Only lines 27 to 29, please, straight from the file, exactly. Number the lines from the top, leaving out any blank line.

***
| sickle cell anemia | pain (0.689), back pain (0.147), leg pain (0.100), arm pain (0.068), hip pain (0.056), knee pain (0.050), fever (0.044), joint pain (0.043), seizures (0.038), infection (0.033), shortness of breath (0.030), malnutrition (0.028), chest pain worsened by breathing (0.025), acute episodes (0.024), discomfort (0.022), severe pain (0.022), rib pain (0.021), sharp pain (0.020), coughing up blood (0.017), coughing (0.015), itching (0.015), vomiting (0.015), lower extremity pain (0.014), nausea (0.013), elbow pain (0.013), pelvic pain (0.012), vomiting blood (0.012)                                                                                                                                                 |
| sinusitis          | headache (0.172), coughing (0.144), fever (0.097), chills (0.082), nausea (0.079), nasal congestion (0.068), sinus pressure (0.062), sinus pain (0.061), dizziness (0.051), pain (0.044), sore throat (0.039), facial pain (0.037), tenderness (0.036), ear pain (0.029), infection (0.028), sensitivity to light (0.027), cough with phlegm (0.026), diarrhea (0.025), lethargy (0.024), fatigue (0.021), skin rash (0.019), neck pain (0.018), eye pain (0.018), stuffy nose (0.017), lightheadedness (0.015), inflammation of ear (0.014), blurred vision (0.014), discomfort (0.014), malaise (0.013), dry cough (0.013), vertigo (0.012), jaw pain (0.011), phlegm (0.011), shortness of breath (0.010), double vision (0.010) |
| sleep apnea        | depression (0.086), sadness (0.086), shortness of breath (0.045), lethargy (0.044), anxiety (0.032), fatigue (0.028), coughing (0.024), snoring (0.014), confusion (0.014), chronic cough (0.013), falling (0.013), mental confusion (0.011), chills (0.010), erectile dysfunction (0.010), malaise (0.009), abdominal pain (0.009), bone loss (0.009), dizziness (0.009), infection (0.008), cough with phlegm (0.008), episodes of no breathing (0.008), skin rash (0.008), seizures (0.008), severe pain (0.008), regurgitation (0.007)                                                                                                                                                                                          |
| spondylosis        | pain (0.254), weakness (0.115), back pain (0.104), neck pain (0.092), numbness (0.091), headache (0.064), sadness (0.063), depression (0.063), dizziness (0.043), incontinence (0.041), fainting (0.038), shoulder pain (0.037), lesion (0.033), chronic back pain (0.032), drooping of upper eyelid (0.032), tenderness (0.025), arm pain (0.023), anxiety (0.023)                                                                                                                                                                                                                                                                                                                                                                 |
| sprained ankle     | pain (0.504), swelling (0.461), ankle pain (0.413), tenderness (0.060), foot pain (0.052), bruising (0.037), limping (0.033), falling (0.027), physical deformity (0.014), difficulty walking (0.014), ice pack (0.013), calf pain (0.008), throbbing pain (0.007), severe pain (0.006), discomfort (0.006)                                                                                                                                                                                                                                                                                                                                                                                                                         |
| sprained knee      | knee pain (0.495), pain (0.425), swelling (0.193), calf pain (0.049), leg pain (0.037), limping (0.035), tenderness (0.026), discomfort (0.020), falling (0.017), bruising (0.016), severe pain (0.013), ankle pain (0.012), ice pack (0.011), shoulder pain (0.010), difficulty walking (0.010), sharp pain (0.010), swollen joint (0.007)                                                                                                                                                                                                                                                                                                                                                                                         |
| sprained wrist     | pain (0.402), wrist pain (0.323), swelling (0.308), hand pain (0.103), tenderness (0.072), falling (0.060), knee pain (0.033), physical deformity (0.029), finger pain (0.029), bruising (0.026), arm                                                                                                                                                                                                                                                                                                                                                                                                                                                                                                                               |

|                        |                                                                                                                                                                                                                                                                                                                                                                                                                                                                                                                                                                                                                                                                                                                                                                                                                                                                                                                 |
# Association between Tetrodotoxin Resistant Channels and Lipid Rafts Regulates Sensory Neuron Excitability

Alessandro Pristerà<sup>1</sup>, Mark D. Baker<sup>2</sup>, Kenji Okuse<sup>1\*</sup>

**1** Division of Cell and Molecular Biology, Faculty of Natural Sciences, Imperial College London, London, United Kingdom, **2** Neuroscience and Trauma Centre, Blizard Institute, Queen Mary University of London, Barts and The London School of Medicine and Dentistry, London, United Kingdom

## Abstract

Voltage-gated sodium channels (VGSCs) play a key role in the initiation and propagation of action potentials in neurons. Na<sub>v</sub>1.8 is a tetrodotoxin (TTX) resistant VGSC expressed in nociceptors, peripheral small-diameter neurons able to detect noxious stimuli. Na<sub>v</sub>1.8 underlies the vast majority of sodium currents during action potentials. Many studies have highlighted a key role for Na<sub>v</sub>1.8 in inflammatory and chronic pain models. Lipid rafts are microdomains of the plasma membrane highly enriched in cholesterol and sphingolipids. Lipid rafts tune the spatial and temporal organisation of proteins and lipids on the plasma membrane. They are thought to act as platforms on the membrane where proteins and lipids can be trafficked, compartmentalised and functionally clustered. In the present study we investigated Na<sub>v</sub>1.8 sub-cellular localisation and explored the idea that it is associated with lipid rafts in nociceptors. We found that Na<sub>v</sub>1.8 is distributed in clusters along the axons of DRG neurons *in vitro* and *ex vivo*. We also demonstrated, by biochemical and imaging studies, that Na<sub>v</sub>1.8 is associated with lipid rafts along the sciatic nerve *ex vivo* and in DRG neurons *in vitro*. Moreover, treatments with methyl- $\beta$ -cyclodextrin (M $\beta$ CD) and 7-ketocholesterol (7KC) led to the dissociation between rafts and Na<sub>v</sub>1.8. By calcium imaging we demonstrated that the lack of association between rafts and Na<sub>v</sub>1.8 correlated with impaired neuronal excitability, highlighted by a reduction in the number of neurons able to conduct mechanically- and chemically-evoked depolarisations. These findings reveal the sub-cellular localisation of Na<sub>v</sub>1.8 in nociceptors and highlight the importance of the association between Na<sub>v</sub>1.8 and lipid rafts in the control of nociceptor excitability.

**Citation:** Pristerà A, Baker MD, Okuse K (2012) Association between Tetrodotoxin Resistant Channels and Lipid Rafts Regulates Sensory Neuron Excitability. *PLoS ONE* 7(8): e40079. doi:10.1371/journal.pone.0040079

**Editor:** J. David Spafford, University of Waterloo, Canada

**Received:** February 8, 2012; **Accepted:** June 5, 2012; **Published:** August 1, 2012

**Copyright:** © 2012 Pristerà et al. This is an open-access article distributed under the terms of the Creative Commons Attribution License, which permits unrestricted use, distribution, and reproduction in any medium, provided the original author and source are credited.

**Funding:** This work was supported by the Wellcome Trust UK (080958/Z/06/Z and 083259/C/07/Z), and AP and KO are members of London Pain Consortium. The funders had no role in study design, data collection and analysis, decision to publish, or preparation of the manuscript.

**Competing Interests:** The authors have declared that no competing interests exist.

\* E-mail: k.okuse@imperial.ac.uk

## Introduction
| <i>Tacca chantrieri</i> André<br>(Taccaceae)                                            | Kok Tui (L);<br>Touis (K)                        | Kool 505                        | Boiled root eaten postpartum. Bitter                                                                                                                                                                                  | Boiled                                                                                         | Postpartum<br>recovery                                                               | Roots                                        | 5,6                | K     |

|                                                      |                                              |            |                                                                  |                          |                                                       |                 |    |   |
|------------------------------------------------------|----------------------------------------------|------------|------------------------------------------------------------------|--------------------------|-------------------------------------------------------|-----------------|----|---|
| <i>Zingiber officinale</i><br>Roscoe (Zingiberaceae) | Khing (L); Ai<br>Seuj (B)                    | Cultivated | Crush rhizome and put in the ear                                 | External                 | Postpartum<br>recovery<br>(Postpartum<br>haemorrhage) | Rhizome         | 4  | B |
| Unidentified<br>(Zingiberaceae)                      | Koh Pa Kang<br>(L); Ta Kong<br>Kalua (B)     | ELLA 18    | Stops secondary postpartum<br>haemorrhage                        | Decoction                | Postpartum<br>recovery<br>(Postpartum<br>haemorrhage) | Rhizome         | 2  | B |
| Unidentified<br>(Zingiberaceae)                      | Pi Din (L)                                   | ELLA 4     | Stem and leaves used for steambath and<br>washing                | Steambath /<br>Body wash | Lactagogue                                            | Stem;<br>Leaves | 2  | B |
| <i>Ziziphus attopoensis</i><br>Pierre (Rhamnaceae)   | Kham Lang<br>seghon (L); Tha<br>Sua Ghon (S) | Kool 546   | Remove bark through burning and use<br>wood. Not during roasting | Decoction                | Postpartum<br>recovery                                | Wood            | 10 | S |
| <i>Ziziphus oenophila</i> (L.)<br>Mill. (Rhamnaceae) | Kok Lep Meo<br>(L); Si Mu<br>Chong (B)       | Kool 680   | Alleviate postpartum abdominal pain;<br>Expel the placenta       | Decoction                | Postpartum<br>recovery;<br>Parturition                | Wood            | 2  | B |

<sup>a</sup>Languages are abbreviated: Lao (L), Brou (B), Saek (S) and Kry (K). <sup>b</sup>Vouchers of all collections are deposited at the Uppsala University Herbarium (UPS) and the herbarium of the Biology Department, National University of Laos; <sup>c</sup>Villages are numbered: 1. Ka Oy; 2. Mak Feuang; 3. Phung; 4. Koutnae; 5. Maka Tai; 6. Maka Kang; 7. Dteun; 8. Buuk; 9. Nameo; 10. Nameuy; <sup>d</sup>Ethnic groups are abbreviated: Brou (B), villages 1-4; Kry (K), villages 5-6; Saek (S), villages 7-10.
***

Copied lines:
| Unidentified<br>(Zingiberaceae)                      | Pi Din (L)                                   | ELLA 4     | Stem and leaves used for steambath and<br>washing                | Steambath /<br>Body wash | Lactagogue                                            | Stem;<br>Leaves | 2  | B |
| <i>Ziziphus attopoensis</i><br>Pierre (Rhamnaceae)   | Kham Lang<br>seghon (L); Tha<br>Sua Ghon (S) | Kool 546   | Remove bark through burning and use<br>wood. Not during roasting | Decoction                | Postpartum<br>recovery                                | Wood            | 10 | S |
| <i>Ziziphus oenophila</i> (L.)<br>Mill. (Rhamnaceae) | Kok Lep Meo<br>(L); Si Mu<br>Chong (B)       | Kool 680   | Alleviate postpartum abdominal pain;<br>Expel the placenta       | Decoction                | Postpartum<br>recovery;<br>Parturition                | Wood            | 2  | B |